ably shake a fist at a bad actor beyond the atmosphere. Additionally, the
biosciences subfacility, with a virology lab sequestered inside, was under
greater scrutiny than others in the building.
     René thought he exhausted his options when he checked the reports
of the process and had no choice than to request security to review surveil-
lance footage. That he could contentedly leave for another day.
     At his workstation, the base-pairs from an embryo and René himself,
as a reference, were sent to Cogito from the terminal. The pre-child’s
eyes were blue, and René’s own: green, was a nonmatch at face value, but
left enough room for potential scandal. As data compiled, the differences
between him and the embryo grew beyond that of nonrelatives.
     A mutant? René furrowed his brow at the screen. He could save
his own skin when the time came for internal investigations. But the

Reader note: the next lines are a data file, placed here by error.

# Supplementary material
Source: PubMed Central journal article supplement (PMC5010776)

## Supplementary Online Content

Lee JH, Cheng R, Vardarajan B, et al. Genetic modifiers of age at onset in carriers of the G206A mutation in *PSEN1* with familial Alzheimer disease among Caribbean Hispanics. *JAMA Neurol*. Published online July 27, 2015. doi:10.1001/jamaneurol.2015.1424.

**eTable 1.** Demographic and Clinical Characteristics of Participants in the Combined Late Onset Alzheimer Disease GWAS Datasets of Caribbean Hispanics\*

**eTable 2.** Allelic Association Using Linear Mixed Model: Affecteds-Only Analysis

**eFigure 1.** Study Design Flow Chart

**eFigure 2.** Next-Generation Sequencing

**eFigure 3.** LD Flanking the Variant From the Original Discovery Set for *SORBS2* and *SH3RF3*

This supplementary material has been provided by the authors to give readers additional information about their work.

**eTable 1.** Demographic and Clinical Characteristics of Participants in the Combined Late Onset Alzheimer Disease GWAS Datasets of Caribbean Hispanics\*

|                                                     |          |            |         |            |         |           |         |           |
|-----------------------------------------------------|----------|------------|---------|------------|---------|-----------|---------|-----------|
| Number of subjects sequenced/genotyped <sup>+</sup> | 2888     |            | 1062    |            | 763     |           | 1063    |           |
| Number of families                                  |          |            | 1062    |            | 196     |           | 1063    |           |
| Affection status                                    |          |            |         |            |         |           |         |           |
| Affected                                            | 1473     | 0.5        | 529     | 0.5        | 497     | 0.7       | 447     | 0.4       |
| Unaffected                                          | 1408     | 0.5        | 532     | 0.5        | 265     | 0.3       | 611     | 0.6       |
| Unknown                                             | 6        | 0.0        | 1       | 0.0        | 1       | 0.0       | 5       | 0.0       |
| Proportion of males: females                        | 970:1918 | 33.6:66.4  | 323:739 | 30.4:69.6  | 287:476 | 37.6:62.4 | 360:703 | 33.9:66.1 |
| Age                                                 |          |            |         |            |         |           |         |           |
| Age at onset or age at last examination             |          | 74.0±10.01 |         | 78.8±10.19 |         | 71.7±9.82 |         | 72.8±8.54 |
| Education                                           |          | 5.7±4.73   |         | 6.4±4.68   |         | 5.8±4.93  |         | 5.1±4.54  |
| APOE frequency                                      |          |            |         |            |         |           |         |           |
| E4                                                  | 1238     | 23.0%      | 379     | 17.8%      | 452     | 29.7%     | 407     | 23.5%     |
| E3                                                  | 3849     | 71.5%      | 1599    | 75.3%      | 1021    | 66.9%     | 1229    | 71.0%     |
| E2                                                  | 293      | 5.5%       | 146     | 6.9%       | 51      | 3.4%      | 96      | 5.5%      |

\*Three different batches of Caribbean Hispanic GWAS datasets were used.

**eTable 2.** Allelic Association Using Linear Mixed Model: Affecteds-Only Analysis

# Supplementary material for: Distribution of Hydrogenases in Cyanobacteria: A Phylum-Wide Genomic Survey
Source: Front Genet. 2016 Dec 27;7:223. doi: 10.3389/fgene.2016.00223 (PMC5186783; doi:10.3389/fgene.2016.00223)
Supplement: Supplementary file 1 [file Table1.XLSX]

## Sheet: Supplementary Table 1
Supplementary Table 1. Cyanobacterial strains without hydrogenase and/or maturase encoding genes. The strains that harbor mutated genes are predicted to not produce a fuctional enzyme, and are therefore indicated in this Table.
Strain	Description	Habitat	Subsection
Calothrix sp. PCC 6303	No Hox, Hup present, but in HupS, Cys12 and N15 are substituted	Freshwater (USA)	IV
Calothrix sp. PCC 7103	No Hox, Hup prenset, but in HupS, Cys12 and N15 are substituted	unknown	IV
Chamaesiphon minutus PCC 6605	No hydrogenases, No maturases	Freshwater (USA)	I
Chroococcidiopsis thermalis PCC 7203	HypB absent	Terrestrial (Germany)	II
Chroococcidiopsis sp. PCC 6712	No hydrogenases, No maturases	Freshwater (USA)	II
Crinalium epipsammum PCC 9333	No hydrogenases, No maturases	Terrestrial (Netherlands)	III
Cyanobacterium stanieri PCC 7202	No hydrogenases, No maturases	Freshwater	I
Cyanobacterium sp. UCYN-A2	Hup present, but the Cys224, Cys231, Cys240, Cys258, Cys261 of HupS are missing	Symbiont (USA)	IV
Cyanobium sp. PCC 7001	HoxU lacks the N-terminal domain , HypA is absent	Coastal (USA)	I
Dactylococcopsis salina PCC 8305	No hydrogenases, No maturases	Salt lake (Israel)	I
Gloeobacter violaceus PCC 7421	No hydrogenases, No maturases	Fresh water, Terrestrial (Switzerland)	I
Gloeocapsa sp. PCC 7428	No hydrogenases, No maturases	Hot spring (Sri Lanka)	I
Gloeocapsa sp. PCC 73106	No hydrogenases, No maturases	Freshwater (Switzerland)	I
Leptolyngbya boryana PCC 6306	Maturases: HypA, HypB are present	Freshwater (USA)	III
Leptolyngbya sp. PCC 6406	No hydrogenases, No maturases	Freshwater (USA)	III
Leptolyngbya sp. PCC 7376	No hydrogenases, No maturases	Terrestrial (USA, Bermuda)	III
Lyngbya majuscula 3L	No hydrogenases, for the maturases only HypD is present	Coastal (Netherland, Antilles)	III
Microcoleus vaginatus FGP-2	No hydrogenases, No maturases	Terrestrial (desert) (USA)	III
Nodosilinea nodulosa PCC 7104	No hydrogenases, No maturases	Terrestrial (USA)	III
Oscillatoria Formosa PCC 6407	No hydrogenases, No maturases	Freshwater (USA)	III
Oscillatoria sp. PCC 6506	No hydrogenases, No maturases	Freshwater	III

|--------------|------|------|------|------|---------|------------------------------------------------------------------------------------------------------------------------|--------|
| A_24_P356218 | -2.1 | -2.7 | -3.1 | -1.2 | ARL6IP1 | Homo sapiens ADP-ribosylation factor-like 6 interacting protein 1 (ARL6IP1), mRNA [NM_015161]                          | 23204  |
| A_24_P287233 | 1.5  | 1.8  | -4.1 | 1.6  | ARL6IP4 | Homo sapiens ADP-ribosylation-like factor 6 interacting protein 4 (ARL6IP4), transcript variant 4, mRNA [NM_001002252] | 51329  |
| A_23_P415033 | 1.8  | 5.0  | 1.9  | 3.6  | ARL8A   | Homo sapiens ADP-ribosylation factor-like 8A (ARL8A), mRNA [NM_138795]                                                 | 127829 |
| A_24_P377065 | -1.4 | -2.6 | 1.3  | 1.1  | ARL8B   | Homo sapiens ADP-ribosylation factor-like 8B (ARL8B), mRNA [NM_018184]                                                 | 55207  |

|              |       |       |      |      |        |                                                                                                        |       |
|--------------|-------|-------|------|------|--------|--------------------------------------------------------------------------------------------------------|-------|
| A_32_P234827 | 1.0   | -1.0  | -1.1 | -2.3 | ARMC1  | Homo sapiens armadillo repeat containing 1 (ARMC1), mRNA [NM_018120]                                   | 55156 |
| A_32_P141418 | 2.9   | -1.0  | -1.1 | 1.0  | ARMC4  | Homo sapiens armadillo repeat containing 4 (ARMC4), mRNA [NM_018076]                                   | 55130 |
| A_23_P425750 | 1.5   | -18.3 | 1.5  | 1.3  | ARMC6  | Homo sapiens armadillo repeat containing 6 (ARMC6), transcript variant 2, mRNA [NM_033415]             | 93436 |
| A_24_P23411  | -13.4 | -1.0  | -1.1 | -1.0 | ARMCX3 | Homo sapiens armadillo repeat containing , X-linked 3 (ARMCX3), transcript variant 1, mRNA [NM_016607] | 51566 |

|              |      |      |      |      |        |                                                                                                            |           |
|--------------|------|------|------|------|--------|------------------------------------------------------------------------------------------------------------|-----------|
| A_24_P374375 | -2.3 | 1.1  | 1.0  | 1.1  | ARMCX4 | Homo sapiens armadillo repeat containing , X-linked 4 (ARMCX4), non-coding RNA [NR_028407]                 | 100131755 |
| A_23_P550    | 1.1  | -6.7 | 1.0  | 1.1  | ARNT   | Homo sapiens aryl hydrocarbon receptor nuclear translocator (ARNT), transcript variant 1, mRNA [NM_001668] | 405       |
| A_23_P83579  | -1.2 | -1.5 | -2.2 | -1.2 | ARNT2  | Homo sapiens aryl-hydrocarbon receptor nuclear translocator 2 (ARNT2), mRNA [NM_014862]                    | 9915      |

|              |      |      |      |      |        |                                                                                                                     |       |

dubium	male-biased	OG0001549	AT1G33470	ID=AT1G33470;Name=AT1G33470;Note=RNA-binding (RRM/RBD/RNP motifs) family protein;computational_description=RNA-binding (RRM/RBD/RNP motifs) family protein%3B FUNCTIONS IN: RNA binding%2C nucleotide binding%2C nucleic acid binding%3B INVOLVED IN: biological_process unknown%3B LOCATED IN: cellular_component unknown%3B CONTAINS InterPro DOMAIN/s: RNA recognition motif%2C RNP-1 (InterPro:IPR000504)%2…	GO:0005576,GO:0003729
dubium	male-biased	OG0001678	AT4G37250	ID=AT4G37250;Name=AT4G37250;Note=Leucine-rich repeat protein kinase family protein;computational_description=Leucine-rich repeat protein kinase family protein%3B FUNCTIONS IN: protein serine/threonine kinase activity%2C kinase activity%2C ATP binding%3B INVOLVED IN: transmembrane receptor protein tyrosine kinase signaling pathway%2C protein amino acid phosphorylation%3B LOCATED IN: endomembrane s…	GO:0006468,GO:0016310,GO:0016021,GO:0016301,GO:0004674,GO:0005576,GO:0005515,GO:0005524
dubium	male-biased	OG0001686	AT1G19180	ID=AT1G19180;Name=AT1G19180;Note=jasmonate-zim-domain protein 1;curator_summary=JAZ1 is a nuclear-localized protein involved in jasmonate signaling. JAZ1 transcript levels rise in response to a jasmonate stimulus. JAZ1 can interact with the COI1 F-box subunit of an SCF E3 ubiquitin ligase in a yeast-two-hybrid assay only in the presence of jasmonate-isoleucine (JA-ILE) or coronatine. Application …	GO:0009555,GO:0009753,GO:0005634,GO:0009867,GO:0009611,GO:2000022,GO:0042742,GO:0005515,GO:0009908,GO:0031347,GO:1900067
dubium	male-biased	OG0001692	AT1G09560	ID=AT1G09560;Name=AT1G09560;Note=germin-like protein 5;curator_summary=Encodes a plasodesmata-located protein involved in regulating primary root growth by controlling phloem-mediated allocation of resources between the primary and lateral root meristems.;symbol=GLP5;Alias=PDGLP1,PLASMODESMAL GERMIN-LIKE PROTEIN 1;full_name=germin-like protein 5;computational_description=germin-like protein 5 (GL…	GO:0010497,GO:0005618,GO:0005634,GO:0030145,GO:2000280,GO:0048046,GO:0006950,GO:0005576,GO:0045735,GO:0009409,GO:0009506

implausible results hinted the same programs he used for previous genetic
analysis were faulty.
     After a second run of the same program on the same data set. The
results were now different from the last.
     “Nondeterministic computing,” he scoffed.
     He stood to leave his workstation terminal, before turning and look-
ing at it with suspicion.
     Home computer.
     Analysis would take far longer, but already indoor lighting outshone
that from the setting star. It wouldn’t be long until he’ll be asked to leave
the premises. René closed the connection to the mainframe, copied his
data to a portable drive, and left the room.
Chapter 3


Another day, René stepped through the halls of the biosciences facility. He
was no stranger, but from the corner of his eye, he caught a mounted security
camera tracking his move. Any other time, his presence had been of no
interest to it.
     The group of scientists contended over their results.
     The words, “it doesn’t make any sense,” echoed by multiple individu-
als over time with slight permutation. The break room hosted an informal
conference of frustrated staff.